INSIDE HIGHER ED. FEBRUARY 13, 2013. President Obama on Tuesday night called for major changes to the criteria accreditors use to evaluate colleges, asking Congress to either require accreditors to take college prices and educational value into account or to create an alternative system based on “performance and results.” Either could mark a significant shift in how the federal government judges higher education quality and eligibility for financial aid programs.
The few sentences on higher education in the State of the Union speech hit many of the same themes as last year, when Obama first told colleges they were “on notice” and would have to either control rising costs or lose federal money. “Taxpayers cannot continue to subsidize higher and higher and higher costs of higher education,” the president said Tuesday night. “Colleges must do their part to keep their costs down, and it’s our job to make sure they do.”
From those few sentences -- Obama did not mention accreditation in his speech, only in specifics provided by the White House afterward -- the president seemed to be giving roughly the same message as last year, when he proposed reallocating campus-based aid and creating a “Race to the Top” for higher education. Both proposals went nowhere in Congress. Butsupplementary documents the White House released immediately after his speech provided a few more specifics and signaled a shift in tactics.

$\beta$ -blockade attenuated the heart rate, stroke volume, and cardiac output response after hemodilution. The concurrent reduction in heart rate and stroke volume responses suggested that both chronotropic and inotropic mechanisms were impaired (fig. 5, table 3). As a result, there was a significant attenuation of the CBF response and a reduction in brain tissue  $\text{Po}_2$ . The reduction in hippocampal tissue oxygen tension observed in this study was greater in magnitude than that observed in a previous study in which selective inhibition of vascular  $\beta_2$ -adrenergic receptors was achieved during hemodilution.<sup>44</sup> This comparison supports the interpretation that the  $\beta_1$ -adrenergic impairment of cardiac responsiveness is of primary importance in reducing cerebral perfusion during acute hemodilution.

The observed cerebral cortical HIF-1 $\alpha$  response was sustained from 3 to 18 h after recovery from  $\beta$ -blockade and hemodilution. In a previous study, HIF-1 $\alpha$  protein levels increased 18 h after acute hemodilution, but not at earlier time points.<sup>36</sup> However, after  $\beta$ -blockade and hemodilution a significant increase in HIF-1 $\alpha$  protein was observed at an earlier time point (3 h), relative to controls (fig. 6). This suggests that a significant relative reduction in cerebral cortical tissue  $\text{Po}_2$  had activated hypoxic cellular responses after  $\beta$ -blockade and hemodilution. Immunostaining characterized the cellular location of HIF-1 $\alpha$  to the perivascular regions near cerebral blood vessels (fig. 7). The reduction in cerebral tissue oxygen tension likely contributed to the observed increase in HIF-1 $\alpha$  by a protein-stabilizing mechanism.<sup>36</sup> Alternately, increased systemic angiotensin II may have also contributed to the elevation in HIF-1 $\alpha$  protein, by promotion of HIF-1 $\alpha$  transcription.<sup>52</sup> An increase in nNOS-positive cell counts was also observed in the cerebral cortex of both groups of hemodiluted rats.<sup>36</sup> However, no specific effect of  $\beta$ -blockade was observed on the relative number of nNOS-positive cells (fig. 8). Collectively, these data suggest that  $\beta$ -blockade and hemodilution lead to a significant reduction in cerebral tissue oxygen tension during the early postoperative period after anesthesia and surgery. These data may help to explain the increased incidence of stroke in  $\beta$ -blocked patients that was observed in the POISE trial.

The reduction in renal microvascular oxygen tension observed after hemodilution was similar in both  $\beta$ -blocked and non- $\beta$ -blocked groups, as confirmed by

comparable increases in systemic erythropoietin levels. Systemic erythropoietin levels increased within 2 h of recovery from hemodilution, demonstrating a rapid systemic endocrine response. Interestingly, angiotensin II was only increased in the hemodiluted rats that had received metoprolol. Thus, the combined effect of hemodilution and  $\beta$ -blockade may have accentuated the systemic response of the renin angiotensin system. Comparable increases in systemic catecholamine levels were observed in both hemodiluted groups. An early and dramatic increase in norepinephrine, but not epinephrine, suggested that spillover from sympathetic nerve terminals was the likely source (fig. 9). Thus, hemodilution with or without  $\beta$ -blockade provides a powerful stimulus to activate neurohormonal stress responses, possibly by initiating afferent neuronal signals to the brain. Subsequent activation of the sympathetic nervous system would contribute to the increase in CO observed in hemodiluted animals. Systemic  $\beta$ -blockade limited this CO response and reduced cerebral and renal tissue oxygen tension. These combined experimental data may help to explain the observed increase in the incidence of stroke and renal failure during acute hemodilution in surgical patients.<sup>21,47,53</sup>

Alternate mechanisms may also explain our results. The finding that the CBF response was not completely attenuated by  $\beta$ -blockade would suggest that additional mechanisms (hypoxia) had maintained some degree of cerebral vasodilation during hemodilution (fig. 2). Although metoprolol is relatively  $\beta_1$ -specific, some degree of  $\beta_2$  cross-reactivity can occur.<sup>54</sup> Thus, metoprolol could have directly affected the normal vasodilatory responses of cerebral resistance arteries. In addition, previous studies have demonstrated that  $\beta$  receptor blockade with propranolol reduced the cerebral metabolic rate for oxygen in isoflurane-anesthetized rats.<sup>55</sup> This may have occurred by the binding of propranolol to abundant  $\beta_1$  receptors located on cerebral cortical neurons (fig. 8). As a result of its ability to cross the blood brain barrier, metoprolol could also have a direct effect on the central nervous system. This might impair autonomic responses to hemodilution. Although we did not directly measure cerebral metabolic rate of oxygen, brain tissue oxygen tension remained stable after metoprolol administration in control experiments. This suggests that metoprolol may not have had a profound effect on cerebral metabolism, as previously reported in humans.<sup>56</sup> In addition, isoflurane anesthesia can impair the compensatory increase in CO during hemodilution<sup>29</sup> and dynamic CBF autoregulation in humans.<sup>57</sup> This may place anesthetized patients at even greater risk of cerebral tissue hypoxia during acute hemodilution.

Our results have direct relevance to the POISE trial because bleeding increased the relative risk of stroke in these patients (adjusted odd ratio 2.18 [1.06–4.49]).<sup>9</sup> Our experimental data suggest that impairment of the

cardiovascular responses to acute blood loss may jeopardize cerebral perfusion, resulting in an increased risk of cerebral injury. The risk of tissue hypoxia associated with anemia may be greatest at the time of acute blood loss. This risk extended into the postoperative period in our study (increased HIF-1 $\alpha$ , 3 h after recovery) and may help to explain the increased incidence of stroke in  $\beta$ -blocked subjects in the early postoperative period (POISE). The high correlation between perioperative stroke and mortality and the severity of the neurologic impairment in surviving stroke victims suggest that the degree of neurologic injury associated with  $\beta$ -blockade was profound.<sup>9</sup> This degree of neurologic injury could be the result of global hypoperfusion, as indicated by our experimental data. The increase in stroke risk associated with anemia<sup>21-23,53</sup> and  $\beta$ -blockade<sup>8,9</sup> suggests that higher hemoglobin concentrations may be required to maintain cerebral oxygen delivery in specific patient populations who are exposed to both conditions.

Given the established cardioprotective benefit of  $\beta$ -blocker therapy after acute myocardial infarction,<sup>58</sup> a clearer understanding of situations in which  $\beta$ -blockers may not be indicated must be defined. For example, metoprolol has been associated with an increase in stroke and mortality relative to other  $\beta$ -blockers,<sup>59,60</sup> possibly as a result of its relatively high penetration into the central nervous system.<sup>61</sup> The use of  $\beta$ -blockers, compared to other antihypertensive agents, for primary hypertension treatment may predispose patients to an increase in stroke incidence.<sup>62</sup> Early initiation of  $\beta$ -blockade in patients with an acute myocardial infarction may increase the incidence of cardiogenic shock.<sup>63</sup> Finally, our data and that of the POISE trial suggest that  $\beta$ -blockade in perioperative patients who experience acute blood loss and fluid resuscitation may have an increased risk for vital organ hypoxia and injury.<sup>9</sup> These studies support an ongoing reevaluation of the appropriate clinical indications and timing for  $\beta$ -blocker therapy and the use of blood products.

Rather than trying to push that agenda through changes in campus-based aid programs (such as federal work study and the Supplemental Educational Opportunity Grant), which make up only a small part of all financial aid for college students, the president is now calling for Congress to force accreditors to play a bigger role in measuring the cost and value of higher education and distributing financial aid accordingly.
The administration’s message on college costs and accountability over the past year has generally not been welcomed by college officials, who fear a growing regulatory burden and burgeoning federal influence on campus. But taking on accreditation touches a deeper nerve. Colleges fiercely defend accreditation by their peers as the best way to ensure quality education, and accreditors have complained of growing scrutiny and "granularity" from the federal government.